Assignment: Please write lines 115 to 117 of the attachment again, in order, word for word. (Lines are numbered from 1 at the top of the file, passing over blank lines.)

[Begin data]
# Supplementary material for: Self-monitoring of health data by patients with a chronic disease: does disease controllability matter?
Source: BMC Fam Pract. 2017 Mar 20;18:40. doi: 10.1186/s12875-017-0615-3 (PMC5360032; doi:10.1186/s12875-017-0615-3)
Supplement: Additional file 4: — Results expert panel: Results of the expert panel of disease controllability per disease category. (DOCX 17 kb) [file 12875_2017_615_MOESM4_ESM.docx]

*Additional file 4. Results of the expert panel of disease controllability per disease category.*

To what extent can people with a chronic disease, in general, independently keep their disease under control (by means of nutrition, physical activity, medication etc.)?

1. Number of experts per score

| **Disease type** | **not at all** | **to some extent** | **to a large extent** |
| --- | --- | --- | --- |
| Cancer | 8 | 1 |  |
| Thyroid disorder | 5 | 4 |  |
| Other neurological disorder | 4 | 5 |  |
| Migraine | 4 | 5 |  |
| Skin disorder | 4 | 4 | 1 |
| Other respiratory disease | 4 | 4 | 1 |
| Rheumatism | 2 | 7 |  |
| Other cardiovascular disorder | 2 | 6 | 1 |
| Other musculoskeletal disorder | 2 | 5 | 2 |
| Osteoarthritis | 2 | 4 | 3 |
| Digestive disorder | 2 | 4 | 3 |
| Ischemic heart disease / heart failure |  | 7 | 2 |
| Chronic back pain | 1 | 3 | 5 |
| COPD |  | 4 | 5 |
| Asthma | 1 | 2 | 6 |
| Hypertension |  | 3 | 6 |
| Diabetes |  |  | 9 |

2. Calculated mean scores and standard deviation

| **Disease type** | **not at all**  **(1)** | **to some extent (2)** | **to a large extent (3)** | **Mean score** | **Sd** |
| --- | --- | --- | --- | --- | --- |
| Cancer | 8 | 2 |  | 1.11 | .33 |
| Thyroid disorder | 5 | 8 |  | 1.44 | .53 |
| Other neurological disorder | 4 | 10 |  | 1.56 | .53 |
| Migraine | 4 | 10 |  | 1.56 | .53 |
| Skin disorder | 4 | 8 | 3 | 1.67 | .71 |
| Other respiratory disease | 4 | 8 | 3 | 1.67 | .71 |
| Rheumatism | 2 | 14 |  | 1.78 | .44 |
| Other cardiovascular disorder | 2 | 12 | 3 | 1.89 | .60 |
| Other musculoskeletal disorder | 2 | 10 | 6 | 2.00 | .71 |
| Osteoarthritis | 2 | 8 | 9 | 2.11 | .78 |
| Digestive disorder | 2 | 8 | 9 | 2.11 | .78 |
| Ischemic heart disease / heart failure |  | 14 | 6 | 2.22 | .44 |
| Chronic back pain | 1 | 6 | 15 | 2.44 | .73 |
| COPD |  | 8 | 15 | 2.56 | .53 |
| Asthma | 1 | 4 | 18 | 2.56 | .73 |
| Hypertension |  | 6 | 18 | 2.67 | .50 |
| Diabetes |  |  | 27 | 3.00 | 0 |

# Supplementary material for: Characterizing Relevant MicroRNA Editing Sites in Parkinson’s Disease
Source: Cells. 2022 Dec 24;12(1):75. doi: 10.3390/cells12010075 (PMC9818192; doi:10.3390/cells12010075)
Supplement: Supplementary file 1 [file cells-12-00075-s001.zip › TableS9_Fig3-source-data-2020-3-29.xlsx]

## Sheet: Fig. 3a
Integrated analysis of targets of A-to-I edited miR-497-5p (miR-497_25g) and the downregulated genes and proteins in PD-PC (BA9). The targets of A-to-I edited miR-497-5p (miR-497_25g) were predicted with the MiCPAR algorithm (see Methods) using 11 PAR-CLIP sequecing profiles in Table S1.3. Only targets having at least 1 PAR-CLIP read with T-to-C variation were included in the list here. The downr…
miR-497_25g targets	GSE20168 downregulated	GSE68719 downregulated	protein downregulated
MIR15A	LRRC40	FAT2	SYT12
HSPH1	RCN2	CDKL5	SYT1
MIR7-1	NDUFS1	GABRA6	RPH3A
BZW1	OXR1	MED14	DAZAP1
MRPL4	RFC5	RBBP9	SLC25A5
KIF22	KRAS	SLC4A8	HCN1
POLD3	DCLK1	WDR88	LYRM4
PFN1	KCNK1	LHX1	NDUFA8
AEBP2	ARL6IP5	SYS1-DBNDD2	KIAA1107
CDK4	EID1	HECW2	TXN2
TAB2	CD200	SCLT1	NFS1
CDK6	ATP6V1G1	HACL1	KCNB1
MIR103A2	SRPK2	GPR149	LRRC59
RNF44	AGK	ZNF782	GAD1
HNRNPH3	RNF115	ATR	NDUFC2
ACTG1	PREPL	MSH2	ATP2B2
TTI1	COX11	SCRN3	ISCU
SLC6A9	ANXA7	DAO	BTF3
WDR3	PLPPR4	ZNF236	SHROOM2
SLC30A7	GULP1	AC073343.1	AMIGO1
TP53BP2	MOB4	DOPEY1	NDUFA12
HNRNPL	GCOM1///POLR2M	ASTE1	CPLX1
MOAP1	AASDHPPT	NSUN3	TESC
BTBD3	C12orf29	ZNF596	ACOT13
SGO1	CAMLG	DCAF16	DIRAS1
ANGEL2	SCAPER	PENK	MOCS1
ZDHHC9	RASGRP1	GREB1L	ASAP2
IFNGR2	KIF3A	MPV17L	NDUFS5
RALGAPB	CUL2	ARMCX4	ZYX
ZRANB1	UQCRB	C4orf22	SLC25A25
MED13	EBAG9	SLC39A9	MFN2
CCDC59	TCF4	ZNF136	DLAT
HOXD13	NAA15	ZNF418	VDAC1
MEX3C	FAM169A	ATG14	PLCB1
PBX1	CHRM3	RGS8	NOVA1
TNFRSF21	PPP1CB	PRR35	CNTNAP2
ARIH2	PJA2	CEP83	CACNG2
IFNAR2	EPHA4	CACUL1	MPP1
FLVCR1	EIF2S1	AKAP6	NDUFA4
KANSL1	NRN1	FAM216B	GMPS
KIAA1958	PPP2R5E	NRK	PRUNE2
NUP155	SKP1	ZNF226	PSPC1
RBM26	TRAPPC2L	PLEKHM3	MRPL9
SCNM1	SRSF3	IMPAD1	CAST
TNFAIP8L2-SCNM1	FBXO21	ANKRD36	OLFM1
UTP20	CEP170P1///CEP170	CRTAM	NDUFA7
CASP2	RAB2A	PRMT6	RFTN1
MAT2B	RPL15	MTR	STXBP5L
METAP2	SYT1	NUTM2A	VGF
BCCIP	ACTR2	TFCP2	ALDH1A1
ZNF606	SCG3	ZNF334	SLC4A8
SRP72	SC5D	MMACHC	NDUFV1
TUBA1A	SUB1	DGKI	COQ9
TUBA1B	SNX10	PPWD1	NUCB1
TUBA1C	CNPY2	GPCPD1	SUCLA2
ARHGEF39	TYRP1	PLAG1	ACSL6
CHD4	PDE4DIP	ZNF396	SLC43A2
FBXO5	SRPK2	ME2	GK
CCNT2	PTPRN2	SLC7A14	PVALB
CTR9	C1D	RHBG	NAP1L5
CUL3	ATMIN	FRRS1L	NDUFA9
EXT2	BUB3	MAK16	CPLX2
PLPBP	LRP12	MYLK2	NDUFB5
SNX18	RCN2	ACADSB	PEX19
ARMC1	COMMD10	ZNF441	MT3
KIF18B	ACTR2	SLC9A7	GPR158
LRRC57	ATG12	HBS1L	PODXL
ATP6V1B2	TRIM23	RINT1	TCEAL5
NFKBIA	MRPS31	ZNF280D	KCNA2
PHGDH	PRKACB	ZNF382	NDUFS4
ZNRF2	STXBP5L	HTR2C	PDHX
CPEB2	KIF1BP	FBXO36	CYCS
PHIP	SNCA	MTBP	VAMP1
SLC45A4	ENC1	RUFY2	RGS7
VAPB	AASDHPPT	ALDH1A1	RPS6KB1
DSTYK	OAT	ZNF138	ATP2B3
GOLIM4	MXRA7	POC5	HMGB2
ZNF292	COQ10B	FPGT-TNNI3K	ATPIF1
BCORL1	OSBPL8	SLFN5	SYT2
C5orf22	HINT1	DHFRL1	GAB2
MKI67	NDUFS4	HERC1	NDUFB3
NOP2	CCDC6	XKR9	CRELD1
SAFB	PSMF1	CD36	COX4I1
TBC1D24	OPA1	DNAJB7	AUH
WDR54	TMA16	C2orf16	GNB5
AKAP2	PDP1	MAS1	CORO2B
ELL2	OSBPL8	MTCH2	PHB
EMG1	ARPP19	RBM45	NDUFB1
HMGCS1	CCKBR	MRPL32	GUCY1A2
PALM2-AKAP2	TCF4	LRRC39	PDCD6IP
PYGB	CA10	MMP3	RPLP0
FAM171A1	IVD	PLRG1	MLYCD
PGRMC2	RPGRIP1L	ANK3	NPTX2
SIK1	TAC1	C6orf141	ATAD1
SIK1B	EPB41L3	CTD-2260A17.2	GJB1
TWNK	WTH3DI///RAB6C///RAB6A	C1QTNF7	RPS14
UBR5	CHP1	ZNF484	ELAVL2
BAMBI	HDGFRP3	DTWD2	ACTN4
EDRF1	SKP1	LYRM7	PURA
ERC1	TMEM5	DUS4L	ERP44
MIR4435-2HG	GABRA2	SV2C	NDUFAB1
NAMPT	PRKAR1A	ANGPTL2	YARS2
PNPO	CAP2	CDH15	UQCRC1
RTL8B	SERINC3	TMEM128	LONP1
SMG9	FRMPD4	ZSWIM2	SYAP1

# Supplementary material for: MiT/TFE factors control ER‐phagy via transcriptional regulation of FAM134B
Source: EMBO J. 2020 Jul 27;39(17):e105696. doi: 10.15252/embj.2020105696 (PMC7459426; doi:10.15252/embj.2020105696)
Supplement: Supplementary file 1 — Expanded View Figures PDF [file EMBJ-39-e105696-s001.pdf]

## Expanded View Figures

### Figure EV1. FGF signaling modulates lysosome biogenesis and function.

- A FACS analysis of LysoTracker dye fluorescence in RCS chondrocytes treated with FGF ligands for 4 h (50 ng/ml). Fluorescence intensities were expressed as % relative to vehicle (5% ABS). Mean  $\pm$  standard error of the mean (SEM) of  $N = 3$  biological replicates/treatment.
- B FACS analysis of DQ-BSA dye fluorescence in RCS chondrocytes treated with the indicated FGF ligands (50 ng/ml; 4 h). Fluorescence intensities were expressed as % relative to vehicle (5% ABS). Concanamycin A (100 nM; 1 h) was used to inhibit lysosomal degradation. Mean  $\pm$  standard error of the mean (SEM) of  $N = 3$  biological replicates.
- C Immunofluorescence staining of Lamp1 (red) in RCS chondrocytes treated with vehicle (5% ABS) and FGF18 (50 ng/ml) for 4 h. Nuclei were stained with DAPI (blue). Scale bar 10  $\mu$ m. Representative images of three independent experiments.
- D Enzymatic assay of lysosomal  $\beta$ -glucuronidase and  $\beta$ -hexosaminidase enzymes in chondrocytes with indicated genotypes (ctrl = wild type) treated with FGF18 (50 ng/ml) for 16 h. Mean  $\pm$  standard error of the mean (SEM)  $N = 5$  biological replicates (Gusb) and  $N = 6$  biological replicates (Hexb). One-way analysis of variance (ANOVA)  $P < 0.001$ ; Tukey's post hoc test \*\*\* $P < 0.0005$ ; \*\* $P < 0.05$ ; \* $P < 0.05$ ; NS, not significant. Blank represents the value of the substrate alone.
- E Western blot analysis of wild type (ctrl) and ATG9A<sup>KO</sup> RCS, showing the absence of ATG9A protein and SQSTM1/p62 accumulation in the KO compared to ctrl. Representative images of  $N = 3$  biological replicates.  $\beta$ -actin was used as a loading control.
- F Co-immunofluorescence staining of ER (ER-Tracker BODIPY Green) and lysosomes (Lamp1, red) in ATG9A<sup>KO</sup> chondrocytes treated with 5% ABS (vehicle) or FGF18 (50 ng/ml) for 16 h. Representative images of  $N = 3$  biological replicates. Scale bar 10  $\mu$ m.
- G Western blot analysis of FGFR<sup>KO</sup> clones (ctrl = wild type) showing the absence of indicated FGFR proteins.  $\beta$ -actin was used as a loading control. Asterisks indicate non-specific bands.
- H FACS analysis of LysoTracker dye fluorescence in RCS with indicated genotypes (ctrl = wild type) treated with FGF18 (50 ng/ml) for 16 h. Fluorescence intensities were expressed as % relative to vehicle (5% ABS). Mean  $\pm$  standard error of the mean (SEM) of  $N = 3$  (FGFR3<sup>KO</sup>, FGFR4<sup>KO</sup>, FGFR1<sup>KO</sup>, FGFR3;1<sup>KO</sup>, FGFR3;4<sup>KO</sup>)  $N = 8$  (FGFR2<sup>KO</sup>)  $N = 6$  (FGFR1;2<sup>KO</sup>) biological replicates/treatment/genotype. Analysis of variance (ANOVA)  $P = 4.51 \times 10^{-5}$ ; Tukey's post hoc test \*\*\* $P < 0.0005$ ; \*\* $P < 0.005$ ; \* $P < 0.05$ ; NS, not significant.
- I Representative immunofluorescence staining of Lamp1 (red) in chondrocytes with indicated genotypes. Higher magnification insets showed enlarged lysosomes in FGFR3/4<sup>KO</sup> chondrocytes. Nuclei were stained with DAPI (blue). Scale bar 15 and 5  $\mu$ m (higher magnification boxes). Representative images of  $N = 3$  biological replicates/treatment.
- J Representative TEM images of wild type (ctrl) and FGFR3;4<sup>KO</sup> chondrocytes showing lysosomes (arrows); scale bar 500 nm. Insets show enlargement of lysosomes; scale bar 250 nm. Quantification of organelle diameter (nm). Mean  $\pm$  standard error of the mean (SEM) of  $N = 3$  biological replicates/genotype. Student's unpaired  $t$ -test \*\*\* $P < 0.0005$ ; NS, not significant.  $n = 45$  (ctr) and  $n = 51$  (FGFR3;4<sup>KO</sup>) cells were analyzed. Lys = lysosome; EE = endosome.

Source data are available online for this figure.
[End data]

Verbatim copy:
SNX18	RCN2	ACADSB	PEX19
ARMC1	COMMD10	ZNF441	MT3
KIF18B	ACTR2	SLC9A7	GPR158